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Gove_michael_nw_2Perhaps because the time for reading his Christmas Carol is approaching, yesterday's education Topical Questions was full of references to Charles Dickens. Gavin Barwell MP (Croydon Central) began by asking for more. He congratulated Michael Gove's pledge of £8million for additional school places in Croydon, but asked whether "there will be further such tranches of money in future" due to an increase of 10% in the number of children in reception classes.

Barwell had, Gove replied, "Great Expectations" about what I can get out of the Chancellor", prompting shouts of "Hard Times" from the rest of the House. The Education Secretary continued:

"Well, really it is a “Tale of Two Cities”: the City of London under Labour, under-regulated and, sadly, not paying the taxes that it should have; and the City of London under the Conservatives—at last getting the resources into the Exchequer".

Edward Leigh MP (Gainsborough), highlighted the fact that "many members of the Cabinet, including the Prime Minister and Deputy Prime Minister, owe their start in life to private education". Leigh asked whether the Government would look to Europe where there are "many more bridges between private and state education ... for instance, the state paying the salaries of teachers in private schools", and not rule out "imaginative ways of helping ordinary people to access private education".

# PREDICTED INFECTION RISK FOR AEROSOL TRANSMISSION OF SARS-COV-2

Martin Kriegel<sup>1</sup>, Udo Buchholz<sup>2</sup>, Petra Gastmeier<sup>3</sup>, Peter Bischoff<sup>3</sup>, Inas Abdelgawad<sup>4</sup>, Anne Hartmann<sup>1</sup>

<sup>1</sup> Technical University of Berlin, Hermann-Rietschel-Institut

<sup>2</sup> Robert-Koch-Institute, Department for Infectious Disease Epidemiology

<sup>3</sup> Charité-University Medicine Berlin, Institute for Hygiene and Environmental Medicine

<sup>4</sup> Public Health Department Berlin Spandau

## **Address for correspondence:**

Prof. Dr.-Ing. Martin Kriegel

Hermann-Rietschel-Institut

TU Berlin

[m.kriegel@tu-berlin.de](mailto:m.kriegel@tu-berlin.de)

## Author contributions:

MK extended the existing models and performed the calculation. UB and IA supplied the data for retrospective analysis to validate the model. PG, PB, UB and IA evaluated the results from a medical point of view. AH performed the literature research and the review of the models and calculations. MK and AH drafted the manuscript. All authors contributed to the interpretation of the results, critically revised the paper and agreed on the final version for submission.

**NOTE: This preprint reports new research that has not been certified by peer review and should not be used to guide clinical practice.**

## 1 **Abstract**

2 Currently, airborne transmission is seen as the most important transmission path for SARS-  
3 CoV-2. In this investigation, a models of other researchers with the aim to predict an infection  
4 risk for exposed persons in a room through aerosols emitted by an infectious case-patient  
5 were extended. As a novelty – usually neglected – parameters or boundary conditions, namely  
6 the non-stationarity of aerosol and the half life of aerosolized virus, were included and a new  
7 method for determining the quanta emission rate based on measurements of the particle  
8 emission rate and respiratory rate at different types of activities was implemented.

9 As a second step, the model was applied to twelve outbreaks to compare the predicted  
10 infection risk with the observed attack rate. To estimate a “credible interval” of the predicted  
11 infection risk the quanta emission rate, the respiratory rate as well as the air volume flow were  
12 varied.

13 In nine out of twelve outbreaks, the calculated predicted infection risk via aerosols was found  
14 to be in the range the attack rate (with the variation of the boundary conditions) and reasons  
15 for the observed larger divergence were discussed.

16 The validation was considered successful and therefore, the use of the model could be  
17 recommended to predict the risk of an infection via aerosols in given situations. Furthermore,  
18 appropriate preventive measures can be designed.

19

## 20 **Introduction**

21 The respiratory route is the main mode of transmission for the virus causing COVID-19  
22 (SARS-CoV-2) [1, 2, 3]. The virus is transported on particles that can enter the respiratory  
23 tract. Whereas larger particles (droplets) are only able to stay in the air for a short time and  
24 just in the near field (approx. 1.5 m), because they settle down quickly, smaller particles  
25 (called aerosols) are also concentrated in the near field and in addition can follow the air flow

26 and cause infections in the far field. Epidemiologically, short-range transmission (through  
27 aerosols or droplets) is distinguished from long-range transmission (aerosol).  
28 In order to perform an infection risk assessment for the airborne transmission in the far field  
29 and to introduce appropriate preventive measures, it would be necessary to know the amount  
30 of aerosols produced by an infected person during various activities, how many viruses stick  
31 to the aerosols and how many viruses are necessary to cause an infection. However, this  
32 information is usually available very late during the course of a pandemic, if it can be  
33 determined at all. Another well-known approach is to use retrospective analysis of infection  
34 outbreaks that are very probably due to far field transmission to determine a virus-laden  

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4 Nov 2011 16:33:47

20 Tory MPs celebrate apprenticeships policy

20 Conservative MPs have written to ConservativeHome, commending the progress the Government, and in particular, Skills Minister John Hayes, has made with regards to apprenticeships. Here is their letter in full: 

Dear Tim,
Your article (“Apprenticeships - the government's ‘remarkable, unprecedented’ success story - 29th October) highlighted the welcome dramatic increase in the take up of apprenticeships during the last year. As members of the 2010 Conservative intake who campaigned on this issue, we were not only heartened by the over 50% increase in apprenticeship starts for 2010/11, but encouraged by important aspects of this growth. 
Firstly, the strong increase in engineering and manufacturing apprenticeships (up 20%) will be especially important as we strive to rebalance the economy towards more high-end manufacturing and greater exports. Secondly, around three quarters of the growth is amongst the over 25s with a firm weighting towards advanced level apprenticeships (A level equivalent); factors which underpin the necessary re-skilling of the workforce - identified by Lord Leitch in his landmark report for the previous Government - via the apprenticeship route. Thirdly, the significant increase in the number taking apprenticeships in business, accounting and law will be important in widening access to the professions and so vital in promoting greater social mobility.
The facts flatly contradict critics’ predictions that apprenticeship growth would be almost all at the low levels and in anything but the high tech, high skilled sectors of the economy.We believe that the Government’s striking progress in this area is of critical importance to both our economic future and for the life chances of the hundreds of thousands of people who are now seizing the opportunities apprenticeships present.
The positive shift in the perception of apprenticeships, their rapid take up and an emphasis on quality, through minimum contract values for providers and stricter rules on employment, owe much to the work of our Party through our Skills Minister, John Hayes MP who vigorously championed apprenticeships for many years in opposition and has now successfully driven this programme through to real delivery in the early life of this Parliament.
Yours Faithfully
Stuart Andrew MP